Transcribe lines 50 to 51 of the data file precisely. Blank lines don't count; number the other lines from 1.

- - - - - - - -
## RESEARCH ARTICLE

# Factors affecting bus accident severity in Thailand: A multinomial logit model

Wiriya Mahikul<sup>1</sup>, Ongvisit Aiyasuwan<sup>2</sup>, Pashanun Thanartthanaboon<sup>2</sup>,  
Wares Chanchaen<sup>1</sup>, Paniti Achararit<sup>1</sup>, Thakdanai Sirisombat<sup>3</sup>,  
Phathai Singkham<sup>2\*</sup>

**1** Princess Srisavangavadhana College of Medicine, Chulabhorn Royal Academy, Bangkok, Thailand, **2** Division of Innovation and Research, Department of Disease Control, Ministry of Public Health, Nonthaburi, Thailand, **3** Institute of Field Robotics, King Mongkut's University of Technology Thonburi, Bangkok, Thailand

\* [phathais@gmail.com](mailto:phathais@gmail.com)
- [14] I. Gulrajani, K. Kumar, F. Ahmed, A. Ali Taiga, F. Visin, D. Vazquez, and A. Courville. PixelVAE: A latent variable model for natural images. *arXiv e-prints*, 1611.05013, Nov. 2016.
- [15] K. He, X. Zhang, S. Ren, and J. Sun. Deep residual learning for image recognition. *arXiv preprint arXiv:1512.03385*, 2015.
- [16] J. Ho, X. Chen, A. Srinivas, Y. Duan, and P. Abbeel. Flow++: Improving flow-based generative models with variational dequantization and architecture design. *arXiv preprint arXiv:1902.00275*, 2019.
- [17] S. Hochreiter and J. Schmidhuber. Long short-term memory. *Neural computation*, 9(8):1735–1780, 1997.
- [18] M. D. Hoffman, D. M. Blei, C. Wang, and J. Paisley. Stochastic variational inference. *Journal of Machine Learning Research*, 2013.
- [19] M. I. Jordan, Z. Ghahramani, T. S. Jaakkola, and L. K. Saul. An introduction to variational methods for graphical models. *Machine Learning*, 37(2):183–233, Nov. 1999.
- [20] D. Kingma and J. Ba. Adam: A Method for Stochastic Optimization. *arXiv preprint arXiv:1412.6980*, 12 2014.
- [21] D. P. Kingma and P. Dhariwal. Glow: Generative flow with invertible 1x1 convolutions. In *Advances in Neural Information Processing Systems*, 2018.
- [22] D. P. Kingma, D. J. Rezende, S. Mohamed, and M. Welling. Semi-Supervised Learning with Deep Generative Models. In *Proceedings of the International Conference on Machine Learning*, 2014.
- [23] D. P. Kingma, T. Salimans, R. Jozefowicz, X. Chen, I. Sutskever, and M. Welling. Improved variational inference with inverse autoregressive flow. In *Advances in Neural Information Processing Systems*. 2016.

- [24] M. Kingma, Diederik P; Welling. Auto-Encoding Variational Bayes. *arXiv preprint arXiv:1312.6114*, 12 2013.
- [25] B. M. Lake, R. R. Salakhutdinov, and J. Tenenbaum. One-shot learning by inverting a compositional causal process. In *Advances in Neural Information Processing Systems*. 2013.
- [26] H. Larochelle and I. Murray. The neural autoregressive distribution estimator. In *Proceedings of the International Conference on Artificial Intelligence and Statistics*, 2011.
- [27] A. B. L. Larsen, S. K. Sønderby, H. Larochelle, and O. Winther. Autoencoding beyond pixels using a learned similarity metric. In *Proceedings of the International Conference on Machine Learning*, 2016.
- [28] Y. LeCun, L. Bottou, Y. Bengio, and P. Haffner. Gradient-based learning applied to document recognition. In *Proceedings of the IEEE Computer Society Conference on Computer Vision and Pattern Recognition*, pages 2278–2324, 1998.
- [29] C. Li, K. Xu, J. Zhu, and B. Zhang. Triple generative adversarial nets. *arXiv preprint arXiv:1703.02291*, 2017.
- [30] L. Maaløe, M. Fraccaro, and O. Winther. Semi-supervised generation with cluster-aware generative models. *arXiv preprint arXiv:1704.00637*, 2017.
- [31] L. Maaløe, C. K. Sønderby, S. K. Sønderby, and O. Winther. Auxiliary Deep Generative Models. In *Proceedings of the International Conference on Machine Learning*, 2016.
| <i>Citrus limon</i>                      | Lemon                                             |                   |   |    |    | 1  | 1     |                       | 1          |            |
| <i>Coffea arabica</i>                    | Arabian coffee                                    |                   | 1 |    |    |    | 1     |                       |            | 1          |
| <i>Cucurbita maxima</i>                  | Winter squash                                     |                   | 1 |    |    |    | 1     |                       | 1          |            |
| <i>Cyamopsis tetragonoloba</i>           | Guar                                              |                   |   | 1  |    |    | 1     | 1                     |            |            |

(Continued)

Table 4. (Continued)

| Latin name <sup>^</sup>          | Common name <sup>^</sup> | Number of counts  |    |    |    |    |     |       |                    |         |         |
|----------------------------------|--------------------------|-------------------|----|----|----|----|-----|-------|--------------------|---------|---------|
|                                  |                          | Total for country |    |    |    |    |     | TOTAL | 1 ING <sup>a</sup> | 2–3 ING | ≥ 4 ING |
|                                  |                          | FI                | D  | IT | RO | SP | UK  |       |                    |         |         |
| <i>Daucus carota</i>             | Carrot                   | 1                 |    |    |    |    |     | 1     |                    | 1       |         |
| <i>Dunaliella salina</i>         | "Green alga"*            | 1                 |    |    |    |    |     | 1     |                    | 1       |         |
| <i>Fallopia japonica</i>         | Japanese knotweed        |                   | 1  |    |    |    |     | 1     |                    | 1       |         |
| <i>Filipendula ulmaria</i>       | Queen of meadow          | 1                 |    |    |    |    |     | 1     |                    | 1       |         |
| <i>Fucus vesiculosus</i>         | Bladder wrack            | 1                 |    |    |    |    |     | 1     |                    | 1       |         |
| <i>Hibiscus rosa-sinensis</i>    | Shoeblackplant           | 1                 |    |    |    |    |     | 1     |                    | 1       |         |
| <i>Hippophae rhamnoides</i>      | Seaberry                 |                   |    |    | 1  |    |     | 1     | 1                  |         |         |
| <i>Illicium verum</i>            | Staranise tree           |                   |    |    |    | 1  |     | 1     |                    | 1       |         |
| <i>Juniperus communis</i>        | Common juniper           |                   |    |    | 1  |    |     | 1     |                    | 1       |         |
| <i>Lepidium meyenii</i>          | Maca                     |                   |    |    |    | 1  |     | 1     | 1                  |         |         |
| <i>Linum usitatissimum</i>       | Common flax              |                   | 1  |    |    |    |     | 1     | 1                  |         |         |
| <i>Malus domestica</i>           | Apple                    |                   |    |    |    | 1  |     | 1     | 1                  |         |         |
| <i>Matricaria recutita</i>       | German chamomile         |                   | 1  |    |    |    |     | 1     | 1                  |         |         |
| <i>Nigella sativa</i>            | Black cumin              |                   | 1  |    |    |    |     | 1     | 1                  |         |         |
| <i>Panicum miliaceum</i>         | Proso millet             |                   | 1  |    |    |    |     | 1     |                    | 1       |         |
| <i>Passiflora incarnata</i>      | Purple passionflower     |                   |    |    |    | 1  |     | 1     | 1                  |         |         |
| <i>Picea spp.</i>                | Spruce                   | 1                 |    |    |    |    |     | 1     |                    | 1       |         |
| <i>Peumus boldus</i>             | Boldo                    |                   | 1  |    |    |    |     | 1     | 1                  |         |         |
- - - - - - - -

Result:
| <i>Panicum miliaceum</i>         | Proso millet             |                   | 1  |    |    |    |     | 1     |                    | 1       |         |
| <i>Passiflora incarnata</i>      | Purple passionflower     |                   |    |    |    | 1  |     | 1     | 1                  |         |         |